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GELLIUS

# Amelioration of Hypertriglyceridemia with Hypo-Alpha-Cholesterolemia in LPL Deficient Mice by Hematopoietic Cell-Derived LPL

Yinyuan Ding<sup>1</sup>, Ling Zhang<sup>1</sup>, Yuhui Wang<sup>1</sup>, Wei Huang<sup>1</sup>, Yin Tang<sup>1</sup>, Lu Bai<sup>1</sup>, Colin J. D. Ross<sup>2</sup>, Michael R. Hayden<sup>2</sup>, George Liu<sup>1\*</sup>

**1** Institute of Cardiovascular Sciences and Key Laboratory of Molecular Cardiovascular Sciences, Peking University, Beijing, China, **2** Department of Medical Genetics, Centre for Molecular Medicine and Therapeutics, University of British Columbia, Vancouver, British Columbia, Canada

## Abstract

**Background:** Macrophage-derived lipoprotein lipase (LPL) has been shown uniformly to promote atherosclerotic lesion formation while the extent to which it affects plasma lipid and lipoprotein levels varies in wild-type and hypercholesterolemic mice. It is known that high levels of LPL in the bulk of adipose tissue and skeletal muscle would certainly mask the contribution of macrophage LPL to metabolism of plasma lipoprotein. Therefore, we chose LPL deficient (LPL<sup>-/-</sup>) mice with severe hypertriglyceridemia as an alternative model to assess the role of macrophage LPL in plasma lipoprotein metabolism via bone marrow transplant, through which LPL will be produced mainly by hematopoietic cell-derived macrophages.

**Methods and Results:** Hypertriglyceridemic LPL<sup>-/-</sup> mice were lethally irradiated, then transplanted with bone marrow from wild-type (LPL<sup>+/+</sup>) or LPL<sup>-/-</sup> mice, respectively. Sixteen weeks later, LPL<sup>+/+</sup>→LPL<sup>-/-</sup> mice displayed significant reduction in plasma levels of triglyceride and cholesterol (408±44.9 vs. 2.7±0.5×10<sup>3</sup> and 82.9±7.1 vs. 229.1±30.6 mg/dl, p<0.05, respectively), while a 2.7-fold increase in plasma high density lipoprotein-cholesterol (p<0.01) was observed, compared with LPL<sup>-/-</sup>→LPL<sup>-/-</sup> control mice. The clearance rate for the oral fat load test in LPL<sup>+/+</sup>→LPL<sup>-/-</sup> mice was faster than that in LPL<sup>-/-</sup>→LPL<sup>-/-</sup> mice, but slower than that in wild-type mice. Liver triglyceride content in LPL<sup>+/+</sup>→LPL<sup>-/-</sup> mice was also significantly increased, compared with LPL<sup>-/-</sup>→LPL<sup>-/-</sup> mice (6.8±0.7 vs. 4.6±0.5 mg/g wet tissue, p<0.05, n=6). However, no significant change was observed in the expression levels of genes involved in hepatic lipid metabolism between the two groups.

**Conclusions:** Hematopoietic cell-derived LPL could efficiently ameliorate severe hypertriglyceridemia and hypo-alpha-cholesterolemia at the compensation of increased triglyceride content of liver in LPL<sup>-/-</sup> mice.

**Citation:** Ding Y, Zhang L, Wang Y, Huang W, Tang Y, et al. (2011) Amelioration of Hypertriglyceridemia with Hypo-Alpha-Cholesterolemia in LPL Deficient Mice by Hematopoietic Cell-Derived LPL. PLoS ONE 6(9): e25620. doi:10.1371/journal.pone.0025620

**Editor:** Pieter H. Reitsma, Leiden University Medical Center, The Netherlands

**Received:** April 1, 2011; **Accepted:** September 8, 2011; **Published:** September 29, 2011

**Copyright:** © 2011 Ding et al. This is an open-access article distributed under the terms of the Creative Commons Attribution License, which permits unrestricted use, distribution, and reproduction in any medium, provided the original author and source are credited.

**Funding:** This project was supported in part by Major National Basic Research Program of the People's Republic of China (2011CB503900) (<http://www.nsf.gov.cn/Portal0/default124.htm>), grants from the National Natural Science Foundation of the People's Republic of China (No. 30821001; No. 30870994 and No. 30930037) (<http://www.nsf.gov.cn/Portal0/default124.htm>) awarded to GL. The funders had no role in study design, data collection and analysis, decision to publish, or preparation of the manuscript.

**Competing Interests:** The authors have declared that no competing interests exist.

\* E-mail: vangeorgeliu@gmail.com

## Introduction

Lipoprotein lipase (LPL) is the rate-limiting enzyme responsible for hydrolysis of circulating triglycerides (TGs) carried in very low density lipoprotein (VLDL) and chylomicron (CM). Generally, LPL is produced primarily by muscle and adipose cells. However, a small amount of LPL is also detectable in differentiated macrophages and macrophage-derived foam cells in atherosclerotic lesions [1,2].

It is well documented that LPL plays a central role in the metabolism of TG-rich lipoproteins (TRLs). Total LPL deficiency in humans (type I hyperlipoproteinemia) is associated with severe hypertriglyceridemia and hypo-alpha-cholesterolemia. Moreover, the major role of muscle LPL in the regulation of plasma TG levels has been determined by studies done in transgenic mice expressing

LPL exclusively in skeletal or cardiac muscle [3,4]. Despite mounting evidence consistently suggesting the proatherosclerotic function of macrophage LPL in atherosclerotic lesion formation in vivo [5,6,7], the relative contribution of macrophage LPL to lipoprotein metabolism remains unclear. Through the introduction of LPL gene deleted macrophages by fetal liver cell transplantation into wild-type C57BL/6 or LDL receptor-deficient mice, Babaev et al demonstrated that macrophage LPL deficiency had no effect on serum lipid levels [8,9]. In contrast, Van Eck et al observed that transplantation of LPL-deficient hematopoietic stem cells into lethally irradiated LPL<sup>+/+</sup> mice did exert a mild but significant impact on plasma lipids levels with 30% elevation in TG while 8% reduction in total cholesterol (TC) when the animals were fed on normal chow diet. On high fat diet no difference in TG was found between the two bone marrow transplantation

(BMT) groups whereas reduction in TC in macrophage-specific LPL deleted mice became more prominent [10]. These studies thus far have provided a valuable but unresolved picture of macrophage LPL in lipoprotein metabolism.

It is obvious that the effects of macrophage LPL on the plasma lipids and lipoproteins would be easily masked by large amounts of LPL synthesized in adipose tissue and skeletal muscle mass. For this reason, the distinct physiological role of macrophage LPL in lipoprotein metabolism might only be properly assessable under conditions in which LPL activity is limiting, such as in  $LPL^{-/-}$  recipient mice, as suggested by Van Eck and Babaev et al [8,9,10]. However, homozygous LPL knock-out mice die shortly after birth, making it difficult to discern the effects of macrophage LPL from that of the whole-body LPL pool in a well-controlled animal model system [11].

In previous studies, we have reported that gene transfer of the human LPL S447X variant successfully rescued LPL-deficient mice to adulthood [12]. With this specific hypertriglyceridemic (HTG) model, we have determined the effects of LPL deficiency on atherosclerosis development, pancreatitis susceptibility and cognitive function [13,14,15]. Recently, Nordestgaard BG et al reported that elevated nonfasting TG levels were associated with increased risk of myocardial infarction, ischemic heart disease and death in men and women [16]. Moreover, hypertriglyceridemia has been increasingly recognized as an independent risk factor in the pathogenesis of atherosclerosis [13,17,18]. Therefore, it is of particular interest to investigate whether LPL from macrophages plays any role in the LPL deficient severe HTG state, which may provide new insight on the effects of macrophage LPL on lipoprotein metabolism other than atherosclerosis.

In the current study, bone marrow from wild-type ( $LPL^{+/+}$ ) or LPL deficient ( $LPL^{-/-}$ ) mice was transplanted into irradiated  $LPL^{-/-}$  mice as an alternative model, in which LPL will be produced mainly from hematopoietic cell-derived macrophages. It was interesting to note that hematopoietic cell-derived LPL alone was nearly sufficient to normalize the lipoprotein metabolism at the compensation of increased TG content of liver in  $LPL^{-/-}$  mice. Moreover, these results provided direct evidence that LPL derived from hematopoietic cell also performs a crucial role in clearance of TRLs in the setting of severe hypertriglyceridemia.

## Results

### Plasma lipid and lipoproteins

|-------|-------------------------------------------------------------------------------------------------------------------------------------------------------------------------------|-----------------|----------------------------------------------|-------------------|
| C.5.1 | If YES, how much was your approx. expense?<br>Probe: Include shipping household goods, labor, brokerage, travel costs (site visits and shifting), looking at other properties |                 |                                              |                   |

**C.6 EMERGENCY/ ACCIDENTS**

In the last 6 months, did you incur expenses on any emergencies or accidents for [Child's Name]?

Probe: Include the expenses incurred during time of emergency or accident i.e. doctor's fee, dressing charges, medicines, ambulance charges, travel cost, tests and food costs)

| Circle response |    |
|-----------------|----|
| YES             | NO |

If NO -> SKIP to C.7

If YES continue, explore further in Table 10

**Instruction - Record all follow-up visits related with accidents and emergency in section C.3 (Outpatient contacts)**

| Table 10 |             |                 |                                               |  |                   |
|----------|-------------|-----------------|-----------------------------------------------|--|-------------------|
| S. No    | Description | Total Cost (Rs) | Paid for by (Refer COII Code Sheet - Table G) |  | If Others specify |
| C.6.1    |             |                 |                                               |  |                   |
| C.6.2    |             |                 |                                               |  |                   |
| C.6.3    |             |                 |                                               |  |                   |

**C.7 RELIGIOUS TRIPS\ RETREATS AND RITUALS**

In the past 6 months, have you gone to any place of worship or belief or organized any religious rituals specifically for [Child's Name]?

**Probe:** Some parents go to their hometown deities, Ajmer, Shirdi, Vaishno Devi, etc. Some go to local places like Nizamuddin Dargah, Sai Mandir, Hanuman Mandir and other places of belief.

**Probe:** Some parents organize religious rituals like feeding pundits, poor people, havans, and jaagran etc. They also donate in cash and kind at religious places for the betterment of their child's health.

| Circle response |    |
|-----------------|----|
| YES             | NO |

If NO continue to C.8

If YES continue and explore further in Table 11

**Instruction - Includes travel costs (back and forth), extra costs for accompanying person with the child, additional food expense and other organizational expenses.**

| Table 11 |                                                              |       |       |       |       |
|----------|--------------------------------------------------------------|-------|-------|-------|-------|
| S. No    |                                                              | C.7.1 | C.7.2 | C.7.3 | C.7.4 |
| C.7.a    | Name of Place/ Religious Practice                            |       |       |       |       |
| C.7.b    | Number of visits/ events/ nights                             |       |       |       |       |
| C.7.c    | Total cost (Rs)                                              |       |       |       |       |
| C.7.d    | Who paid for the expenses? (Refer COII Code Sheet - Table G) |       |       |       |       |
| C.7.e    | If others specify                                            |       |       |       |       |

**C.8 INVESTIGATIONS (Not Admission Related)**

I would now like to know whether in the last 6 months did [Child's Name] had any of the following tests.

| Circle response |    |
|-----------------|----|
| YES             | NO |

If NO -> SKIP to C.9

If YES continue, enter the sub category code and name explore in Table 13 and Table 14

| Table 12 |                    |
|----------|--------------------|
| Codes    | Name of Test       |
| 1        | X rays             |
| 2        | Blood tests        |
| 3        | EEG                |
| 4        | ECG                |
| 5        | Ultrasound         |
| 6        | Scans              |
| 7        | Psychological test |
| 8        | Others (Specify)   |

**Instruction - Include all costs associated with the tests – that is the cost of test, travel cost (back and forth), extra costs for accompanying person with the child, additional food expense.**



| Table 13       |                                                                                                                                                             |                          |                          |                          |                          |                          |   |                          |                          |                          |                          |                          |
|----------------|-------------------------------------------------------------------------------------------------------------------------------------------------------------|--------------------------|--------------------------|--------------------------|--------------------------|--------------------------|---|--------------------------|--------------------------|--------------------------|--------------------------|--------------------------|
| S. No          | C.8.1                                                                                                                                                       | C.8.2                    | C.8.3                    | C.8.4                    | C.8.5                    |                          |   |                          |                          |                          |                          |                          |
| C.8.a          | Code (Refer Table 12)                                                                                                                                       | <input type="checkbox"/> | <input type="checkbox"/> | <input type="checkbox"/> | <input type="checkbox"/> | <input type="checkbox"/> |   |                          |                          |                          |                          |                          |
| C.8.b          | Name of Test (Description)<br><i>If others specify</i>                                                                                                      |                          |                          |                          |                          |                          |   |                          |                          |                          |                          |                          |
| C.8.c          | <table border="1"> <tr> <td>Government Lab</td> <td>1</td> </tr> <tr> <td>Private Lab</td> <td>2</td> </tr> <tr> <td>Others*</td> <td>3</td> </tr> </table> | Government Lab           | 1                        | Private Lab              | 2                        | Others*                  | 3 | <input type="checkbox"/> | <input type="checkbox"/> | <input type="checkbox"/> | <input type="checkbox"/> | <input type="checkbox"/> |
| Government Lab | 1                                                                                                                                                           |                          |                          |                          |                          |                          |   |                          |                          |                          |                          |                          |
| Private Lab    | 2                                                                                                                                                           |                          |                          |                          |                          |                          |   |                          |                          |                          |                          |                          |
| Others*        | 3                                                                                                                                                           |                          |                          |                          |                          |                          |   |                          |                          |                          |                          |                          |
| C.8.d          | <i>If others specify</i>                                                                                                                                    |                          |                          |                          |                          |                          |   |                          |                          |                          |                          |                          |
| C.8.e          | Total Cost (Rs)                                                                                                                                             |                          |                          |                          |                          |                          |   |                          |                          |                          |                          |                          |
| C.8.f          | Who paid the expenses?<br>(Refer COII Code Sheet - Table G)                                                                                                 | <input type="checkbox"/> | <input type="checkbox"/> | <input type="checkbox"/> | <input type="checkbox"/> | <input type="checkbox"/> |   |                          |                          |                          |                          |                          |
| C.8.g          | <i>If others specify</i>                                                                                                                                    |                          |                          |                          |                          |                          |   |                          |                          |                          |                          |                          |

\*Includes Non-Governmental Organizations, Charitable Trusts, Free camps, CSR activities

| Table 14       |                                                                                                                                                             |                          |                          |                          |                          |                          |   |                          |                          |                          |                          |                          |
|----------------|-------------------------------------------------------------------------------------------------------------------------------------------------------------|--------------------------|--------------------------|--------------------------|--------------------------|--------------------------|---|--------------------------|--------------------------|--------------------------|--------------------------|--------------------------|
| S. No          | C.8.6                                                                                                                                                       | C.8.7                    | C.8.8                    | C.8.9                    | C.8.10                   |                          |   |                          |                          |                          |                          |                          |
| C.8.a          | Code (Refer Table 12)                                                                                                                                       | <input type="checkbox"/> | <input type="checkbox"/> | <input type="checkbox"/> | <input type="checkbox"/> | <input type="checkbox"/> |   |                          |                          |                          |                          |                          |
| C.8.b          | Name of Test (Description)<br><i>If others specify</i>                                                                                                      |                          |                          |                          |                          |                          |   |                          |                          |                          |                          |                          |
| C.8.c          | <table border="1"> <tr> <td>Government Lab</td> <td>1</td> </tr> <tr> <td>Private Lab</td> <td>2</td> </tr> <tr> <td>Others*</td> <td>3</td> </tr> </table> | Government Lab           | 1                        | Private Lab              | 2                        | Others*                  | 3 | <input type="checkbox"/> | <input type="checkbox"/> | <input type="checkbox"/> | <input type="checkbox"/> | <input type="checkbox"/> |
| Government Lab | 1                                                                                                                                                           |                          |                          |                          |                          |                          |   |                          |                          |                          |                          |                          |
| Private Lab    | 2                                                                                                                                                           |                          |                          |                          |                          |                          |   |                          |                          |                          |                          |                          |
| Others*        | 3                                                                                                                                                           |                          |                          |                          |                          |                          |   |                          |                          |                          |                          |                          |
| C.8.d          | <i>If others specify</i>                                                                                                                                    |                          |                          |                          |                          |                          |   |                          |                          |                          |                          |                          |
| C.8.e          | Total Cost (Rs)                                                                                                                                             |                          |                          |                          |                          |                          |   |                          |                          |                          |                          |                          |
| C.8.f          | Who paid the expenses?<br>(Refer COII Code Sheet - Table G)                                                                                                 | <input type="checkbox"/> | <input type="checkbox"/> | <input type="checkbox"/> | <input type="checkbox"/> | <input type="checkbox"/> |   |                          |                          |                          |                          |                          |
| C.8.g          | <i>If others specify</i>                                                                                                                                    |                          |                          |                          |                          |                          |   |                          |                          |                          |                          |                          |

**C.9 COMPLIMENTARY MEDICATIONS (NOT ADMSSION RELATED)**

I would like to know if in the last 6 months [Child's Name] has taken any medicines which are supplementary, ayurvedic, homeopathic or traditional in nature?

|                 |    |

Aulus. A Roman writer of the age of the Antonines, about 130-170 A.D. After receiving his education in rhetoric at Rome, he went to Athens, in his thirtieth year or thereabouts, to study philosophy. Here he saw much of Herodes Atticus. Besides studying philosophy, he spent the long winter nights in wide and various reading, which he took up again with ardour after his return to Italy. From the material thus collected he composed the twenty books of his Noctes Atticoe, written in remembrance of his days at Athens. One book, the eighth, is lost, and only the headings of the chapters remain. The remaining nineteen are a series of excerpts, loosely strung together, from all kinds of Greek and Latin authors, especially the ante-classical writers. They also contain a mass of information, and a number of opinions orally delivered by contemporary scholars. The whole forms a valuable storehouse of notes on questions of historical, antiquarian, and literary interest. Gellius' style is sober, and, like that of an admirer of Fronto (see FRONTO), full of archaic expressions.
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